It’s Easter morning and sugar is on your mind. You’re eight years old, everyone else is somehow still sleeping as you have already run throughout the entire house six times. The clothes hamper is tipped over, the oven door is open and now you are digging through your parent’s closet. Today you are celebrating the death, burial and resurrection of Jesus searching through your whole house looking for a basket of chocolate bunnies, jellybeans and decorated eggs. As Christians, we want to be like Jesus and celebrate the meaningful things He has done for us; so we celebrate Easter. How did Jesus celebrate Easter though? He didn’t. He celebrated Passover.
Like myself, the majority of Christians today grew up celebrating Easter. This was the day dedicated to celebrating and remembering the death, burial and resurrection of Jesus Christ. This was done by dressing up in their Sunday best, worshipping, listening sermon, partaking of the Lord’s Supper, and eating an Easter ham. While there are aspects of this
celebration that are true to who Jesus is and what he has done for his people, many might not realize that they are missing out on the deeper understanding of this holiday. This knowledge of Jesus is found in the celebration of Passover. The holiday that Jesus practiced.
Exodus 12:14 - This day shall be for you a memorial day, and you shall keep it as a feast to the LORD; throughout your generations, as a statute forever, you shall keep it as a feast.
This is a celebration that God has called his people to celebrate forever. What started with Israel thousands of years ago reached its full prophetic significance and understanding with the coming of the Messiah Jesus Christ. Jesus was celebrating and partaking of the Passover meal at the last supper and intended his disciples to do likewise after him. The apostle Paul echoes this with his encouragement to the Corinthians to keep Passover as a normal Christian practice.
1 Corinthians 5:7-8 - For indeed Christ, our Passover, was sacrificed for us. Therefore, let us keep the feast, not with old leaven, nor with the leaven of malice and wickedness, but with the unleavened bread of sincerity and truth.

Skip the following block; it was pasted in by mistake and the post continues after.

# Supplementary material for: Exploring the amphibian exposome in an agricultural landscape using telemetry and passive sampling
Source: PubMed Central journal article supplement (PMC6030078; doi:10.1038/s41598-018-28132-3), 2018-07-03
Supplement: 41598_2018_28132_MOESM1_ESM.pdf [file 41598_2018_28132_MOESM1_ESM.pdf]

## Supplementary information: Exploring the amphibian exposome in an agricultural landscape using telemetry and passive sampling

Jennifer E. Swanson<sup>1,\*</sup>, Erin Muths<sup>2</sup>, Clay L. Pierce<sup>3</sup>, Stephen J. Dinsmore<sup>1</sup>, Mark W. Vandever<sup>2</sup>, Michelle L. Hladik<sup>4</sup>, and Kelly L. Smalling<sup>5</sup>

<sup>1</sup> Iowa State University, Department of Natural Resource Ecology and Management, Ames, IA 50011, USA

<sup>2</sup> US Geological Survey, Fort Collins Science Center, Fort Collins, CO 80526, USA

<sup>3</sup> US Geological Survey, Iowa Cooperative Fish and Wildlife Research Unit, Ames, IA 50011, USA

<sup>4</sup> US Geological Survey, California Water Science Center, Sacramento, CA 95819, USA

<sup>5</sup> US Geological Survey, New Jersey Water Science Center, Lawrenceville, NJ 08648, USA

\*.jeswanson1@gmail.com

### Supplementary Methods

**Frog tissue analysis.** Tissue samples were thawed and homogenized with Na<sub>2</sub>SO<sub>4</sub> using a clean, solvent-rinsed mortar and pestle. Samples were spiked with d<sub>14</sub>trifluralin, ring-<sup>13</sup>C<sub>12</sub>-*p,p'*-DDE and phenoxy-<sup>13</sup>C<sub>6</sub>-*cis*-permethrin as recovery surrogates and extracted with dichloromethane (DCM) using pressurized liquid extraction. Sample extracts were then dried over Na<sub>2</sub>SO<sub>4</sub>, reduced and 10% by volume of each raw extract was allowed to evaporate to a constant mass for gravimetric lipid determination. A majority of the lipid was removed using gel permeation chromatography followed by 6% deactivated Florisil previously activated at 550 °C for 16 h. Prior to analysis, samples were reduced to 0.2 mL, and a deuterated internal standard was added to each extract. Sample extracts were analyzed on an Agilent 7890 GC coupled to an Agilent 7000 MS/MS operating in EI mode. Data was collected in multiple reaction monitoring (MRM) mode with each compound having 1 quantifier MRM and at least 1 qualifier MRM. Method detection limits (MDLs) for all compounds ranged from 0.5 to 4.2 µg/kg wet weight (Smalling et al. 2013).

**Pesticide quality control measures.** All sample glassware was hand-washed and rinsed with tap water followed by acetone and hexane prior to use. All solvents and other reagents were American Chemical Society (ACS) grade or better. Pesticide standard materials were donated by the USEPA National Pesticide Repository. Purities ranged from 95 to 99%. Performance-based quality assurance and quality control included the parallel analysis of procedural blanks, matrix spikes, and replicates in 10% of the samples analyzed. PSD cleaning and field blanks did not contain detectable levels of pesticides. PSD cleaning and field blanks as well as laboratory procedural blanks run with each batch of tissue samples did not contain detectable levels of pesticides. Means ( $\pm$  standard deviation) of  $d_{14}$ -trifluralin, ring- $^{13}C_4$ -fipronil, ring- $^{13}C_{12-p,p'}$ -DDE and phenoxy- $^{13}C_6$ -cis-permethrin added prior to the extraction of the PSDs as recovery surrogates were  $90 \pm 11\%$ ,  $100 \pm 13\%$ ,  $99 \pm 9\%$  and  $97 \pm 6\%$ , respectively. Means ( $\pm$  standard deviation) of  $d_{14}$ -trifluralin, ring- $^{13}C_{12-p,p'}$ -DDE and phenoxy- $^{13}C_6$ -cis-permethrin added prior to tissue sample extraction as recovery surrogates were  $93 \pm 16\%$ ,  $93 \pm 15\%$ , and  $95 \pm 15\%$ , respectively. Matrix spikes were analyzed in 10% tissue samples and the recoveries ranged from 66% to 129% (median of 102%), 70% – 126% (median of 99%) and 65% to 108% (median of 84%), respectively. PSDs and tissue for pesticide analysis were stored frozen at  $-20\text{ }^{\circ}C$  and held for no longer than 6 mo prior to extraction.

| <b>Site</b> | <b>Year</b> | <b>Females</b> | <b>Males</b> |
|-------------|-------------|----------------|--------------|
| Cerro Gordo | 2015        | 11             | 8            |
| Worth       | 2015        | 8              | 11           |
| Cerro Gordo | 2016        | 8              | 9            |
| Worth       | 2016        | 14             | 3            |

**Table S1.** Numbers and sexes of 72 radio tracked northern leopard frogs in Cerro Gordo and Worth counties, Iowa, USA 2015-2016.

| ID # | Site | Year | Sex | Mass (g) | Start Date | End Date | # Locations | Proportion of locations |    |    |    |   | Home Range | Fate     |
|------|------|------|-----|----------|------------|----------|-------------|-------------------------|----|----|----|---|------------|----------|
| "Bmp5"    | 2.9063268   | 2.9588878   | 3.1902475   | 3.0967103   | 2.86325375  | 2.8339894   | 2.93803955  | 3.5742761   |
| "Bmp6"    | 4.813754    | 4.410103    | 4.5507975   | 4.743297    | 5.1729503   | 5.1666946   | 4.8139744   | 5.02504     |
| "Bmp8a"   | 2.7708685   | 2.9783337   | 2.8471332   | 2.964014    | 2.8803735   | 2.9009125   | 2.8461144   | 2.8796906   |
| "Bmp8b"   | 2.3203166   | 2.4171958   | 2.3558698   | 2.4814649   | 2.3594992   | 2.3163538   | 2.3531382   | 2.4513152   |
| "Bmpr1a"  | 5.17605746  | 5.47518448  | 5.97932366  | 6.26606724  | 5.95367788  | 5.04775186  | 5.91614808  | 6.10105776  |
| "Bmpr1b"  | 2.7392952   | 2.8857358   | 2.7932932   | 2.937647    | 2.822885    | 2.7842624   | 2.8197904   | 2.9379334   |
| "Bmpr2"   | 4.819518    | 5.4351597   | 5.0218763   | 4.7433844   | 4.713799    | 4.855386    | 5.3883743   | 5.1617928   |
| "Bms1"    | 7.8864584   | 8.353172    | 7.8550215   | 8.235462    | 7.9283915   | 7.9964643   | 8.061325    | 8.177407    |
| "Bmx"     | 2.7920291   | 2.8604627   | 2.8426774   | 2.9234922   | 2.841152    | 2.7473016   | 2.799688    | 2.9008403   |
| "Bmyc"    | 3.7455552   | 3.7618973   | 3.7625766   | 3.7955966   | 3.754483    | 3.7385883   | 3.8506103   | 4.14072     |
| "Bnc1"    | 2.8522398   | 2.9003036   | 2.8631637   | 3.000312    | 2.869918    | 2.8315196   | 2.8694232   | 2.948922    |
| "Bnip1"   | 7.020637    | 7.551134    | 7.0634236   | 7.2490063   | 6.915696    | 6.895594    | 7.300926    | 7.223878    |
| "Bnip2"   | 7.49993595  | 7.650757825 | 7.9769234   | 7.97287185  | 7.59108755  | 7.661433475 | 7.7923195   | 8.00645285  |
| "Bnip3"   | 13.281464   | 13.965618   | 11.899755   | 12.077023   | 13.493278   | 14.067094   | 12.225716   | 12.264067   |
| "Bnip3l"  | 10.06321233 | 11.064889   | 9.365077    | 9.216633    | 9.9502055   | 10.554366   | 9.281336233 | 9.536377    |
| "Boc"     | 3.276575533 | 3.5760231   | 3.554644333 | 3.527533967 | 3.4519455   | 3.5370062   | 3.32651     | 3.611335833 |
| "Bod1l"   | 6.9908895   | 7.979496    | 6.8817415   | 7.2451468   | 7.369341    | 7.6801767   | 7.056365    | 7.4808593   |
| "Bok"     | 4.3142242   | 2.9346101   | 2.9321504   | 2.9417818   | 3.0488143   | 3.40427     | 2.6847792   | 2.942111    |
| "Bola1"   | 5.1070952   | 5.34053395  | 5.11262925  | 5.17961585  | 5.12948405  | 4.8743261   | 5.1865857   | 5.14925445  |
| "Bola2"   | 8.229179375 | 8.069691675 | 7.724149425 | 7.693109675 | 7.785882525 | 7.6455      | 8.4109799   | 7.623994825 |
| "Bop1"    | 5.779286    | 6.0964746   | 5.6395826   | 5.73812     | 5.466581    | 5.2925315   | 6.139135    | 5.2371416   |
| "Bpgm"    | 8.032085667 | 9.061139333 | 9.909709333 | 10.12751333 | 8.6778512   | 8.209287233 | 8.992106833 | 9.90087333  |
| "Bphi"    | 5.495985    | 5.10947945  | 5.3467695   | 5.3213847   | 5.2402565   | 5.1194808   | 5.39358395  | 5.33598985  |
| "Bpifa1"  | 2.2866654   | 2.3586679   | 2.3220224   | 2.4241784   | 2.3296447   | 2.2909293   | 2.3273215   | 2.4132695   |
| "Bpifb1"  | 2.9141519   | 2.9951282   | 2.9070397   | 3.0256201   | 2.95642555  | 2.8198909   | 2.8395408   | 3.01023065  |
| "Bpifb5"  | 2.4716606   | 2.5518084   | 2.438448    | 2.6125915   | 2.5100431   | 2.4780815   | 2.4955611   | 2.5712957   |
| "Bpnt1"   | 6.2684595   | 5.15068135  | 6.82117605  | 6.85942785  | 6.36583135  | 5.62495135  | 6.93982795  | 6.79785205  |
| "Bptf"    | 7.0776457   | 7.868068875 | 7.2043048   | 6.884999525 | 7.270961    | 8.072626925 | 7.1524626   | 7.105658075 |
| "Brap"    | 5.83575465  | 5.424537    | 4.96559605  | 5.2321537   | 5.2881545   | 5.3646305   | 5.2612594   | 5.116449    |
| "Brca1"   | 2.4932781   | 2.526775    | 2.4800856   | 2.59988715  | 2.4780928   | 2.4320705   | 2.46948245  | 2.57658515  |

For those who are wondering how to actually celebrate this holiday according to the Bible, there are four foods to know about. These four food elements are talked about and eaten in a Passover celebration to remember who God is and what he has done. All of these tell us about Jesus.
1. The unleavened bread (Matzah)
When Jesus is speaking to his disciples during the last supper, takes the bread and tells them it is his body, given for them, he is speaking of Matzah. This is not the bread we would normally think of, it’s not soft and fluffy. It is like a cracker because it is made without leaven or yeast (a rising agent). Leaven is a symbol for sin. Like leaven, if some gets incorporated into a lump of dough, the leaven spreads throughout the whole thing.
Passover teaches us that sin is the same way. Sin spreads and corrupts the whole body. Passover is calling God’s people to remove the sin in their lives. This element teaches us about Jesus because he was without sin. He was perfect. So when we partake of the bread we remember his sinless life.
2. The wine
Traditionally there are four cups of wine that are used in a Passover celebration; the cup of sanctification, the cup of deliverance, the cup of praise and the cup of praise or restoration. These four cups of wine tell the story of the world and God’s people. God promised to bring his people out of slavery to the Egyptians, delivered them through the Red Sea, redeemed them and made Israel his people at the base of Mount Sinai.
The wine also points to Jesus. He was sacrificed and shed his blood in order deliver his people from sin and death.
3. The bitter herbs (Marror)
These bitter herbs, typically horseradish, are eaten during the Passover meal to remember the bitterness of slavery and bondage to Egypt. As followers of Jesus, we are to be reminded of the bitterness of sin in the world and in our lives. It is because of the bitterness of sin that Jesus had to come and die to save us. So when his people eat the bitter herbs and feel the sting in their mouths they should remember the pain of sin that Jesus took on for His people’s sake.
4. The lamb Shank
This is arguably the most important piece of the Passover meal. The shank is an unbroken bone taken from the arm of a lamb. This symbol represents the sacrifice that the Israelites made on the first Passover. They sacrificed a spotless lamb and put its blood on the doorposts of their houses so God might see the blood and the sacrifice of the lamb and Passover their house, saving them from death.
Jesus is our Passover lamb. John the Baptist showed us this when he said of Jesus: behold the Lamb of God, who takes away the sin of the world! Jesus lived a perfect and sinless life, was sacrificed and killed so his people might be passed over. It is through this sacrifice that we can be forgiven of sin and receive a new heart to become like Jesus. The lamb shank on the plate helps to remember all that Jesus has done for us.
I loved Easter as a child, especially because my parents were really good and hiding my Easter basket. These days I no longer celebrate Easter because Jesus didn’t. Our Messiah has left us with a season to look back and understand better who he is. My desire is to be like Jesus and live like he did, so I celebrate Passover and I’m not looking back.